By David L.
Today is the feast of St. Antony the Great, who is venerated in the Eastern and Western traditions, partially because he lived before the Schism, partially because he's awesome.
Some background: St. Antony lived in Egypt in the third century. According to a biography written by St. Athanasius, Antony was brought up in the faith and went to church regularly. At church, he heard Jesus speaking in the Gospels, telling the rich man to give up all his possessions, give them to the poor, and follow Him. Overcome by Grace, Antony believed the message was meant specifically for him. He gave everything he had to the poor, including a sizable inheritance, and went out to the desert to live as a hermit in contemplation. He spent the rest of his life in prayer. Ironically, he became famous, and his story was circulated throughout the Christian world. People made pilgrimages to hear words of wisdom from the monk. He is considered the father of monasticism. (I should note that I'm not even vaguely doing his story justice, and that it's worth reading Athanasius' Life of Antony.)
St. Antony's story, like Christ's, should bother us. Why would anyone put themselves through such an ordeal? Why give up everything that should make us happy, including normal relationships with other people? Taking away all things of the world, what is left to keep a person sane, let alone happy? What kept this guy going? If God truly called Antony to this life, then why? Why waste such a willing servant in the desert when there are people suffering whom he could help? How is withdrawing from society the Christian thing to do?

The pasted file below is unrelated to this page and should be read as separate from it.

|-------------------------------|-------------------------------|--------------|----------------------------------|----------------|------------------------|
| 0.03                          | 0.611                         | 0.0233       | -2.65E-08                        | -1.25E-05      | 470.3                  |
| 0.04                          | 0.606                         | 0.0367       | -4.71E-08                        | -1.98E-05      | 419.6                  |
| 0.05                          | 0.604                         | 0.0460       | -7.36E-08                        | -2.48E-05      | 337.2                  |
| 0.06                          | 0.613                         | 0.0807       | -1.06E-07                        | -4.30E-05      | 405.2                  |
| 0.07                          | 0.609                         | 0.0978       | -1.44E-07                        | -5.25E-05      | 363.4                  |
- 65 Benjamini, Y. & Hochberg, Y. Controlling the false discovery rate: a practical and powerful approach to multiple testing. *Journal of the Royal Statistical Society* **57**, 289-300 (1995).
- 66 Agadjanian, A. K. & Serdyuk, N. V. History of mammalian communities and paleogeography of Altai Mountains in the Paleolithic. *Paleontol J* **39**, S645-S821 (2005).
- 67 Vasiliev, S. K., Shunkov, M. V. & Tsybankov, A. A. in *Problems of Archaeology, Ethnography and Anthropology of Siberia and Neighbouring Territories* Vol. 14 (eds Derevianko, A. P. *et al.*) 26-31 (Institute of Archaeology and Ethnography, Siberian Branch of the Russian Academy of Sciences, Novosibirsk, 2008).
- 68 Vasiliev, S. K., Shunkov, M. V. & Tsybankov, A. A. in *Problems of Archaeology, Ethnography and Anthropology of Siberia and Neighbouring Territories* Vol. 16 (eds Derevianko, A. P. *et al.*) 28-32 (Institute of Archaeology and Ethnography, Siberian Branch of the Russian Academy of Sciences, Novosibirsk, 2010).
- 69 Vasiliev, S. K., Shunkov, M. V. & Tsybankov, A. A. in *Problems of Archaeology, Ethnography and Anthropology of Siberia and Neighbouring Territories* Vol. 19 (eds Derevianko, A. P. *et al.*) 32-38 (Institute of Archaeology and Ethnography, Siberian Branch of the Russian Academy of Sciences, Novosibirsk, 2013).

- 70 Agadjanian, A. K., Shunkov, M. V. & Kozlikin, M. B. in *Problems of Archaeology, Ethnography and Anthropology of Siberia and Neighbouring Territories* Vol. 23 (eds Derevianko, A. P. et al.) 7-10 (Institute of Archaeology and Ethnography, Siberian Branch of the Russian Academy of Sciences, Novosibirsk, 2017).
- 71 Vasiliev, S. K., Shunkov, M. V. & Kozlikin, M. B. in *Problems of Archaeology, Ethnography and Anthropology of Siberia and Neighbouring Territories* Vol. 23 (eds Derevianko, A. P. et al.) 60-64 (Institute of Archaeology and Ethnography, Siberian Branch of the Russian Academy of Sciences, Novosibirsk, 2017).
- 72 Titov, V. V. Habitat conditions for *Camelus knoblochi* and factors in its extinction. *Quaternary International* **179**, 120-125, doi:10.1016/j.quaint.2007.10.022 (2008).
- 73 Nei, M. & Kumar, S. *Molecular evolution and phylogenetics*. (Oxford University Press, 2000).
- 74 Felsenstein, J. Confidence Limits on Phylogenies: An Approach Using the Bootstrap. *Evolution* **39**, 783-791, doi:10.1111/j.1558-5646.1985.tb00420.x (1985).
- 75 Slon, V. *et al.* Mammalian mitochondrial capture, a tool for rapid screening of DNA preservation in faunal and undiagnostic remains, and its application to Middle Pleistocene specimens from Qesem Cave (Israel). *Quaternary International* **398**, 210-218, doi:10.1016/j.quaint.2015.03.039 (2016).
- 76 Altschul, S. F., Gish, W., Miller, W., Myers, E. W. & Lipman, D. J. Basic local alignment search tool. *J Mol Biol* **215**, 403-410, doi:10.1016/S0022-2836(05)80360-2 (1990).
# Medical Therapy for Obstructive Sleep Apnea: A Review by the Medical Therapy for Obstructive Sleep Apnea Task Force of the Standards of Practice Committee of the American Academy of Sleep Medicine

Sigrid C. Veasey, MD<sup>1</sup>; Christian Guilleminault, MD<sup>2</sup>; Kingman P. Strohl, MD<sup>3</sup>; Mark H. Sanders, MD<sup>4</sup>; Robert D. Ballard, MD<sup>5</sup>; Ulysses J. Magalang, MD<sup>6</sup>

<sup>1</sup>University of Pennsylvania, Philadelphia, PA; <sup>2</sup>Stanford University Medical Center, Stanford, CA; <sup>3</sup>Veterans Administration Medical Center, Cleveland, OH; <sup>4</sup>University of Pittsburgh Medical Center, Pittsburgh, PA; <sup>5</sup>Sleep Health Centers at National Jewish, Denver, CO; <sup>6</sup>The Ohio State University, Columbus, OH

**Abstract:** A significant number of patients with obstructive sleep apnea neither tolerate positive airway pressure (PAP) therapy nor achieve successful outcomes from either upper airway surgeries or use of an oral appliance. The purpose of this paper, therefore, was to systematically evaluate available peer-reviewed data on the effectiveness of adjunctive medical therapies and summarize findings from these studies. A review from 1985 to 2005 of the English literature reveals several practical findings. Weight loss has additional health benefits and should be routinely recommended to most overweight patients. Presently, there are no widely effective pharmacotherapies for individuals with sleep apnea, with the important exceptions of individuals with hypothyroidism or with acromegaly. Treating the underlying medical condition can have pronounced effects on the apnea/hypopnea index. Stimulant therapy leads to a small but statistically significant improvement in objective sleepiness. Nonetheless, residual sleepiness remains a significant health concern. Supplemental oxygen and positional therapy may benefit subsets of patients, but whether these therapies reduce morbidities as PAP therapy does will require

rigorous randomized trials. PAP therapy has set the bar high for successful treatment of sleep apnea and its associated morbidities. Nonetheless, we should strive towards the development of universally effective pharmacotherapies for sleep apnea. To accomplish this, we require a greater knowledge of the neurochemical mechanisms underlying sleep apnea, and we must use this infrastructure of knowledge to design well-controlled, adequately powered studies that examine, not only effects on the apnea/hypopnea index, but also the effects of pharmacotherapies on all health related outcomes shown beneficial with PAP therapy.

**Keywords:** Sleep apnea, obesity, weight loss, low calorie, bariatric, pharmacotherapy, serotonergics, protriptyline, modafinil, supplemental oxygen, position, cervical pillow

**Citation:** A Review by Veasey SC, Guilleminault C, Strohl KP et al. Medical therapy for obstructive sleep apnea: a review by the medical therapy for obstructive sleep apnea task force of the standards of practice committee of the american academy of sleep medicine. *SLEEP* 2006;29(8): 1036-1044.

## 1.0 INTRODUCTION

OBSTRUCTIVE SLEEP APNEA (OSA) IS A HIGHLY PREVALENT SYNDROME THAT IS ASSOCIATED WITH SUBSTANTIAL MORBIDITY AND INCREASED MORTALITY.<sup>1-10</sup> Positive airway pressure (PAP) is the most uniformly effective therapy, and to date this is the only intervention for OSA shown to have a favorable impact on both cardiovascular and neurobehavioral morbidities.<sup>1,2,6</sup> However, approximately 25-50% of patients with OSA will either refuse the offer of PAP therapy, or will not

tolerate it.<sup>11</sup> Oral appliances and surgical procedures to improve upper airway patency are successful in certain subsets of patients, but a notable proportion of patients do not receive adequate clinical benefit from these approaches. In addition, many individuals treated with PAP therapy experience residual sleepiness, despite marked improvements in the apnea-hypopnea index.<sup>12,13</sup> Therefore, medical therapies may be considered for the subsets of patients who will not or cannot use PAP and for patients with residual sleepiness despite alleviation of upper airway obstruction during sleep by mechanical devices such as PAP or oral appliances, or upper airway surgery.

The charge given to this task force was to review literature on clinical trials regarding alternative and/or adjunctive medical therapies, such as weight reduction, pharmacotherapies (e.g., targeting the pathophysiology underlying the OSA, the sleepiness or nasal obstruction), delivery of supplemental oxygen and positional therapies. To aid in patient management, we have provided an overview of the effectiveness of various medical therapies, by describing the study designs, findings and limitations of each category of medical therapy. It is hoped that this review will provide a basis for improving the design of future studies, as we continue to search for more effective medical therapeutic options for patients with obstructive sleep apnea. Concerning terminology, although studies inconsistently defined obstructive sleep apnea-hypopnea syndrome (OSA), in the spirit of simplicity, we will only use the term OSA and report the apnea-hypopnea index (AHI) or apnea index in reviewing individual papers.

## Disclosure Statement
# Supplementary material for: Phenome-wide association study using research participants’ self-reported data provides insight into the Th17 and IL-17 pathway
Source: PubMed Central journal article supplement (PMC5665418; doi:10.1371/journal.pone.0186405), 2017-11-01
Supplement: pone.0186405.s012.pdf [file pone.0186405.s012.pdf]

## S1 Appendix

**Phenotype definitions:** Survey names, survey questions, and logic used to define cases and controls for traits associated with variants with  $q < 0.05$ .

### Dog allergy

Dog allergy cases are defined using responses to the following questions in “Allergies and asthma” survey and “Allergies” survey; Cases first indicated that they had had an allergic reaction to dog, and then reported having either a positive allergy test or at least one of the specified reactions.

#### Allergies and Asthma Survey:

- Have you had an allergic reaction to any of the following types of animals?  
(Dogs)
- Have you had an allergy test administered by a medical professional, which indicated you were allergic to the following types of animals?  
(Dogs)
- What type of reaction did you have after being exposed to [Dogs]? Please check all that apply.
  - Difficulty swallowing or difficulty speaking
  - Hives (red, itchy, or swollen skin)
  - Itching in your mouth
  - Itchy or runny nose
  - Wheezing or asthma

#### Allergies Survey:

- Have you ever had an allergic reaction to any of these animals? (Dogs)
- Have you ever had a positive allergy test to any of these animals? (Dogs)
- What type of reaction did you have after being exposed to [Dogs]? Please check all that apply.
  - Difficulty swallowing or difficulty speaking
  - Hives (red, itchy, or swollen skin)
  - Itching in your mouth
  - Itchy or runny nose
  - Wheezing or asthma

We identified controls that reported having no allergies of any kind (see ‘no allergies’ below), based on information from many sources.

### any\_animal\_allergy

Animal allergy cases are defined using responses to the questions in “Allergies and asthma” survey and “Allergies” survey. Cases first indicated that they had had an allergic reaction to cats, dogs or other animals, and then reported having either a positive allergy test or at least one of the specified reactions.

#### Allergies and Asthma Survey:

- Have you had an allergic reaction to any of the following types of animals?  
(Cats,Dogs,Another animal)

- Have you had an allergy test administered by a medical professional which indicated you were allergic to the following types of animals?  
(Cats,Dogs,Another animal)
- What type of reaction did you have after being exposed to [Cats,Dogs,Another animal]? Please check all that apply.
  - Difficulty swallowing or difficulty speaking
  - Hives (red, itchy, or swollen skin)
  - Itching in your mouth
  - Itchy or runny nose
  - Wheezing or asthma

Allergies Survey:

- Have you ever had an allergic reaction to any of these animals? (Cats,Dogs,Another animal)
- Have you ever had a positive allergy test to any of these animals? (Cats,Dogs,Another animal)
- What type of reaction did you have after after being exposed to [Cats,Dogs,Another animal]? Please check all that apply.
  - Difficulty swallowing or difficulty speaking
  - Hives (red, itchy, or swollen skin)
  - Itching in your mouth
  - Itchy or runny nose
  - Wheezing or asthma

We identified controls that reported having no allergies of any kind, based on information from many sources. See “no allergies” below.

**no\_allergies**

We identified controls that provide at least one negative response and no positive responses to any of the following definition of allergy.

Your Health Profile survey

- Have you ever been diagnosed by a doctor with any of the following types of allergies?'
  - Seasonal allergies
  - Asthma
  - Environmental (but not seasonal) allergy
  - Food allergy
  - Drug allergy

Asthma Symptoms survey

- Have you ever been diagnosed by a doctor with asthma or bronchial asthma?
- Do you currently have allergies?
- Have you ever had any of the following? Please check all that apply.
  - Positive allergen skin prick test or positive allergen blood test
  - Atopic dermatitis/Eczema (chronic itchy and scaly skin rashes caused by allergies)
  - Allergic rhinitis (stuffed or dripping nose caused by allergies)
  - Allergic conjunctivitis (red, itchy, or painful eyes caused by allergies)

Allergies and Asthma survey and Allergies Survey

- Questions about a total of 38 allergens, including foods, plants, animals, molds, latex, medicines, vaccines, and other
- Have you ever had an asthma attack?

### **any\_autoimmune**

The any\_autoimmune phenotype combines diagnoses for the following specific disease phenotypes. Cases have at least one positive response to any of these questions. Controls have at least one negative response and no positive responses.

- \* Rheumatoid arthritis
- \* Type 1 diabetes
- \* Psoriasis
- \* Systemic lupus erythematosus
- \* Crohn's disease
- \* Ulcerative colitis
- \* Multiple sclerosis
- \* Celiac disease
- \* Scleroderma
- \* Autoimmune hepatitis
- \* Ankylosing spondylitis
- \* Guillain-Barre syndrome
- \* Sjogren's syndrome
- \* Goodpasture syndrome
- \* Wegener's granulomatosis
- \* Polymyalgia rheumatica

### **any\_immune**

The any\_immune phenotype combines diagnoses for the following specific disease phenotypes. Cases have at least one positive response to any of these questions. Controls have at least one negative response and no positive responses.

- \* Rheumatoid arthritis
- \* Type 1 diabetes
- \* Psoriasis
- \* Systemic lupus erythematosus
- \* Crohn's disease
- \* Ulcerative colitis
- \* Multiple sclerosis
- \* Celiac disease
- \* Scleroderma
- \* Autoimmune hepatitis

St. Athanasius seems to speak to this theme in his Life of Antony: "[Antony] subjected himself in
sincerity to the good men whom he visited, and learned thoroughly where each surpassed him
in zeal and discipline. He observed the graciousness of one; the unceasing prayer of
another; he took knowledge of another's freedom from anger and another's loving-kindness;
he gave heed to one as he watched, to another as he studied; one he admired for his
endurance, another for his fasting and sleeping on the ground; the meekness of one and the
long-suffering of another he watched with care, while he took note of the piety towards
Christ and the mutual love which animated all." This last quality which all the men had is the answer to the contradictions, I think: what Athanasius calls "piety towards Christ" and "mutual love," and we might simply call love. All these men had ways they could show their love for God. Similarly, different people have different vocations; while some are called to serve the poor in a visible, physical way, like Bl. Mother Theresa, some others are called to contemplative life, like St. Antony. However, they both have, at their core, love of God and neighbor.
Antony gave up everything and went into the desert because he loved God. Love always leads us to vulnerability. The vulnerability any lover takes on is shown dramatically in the story of this hermit, who went out to face the devil in a barren, hostile environment, putting his life and soul on the line because he trusted in God. In a culture that yearns for authentic love, we can look to this simple hermit.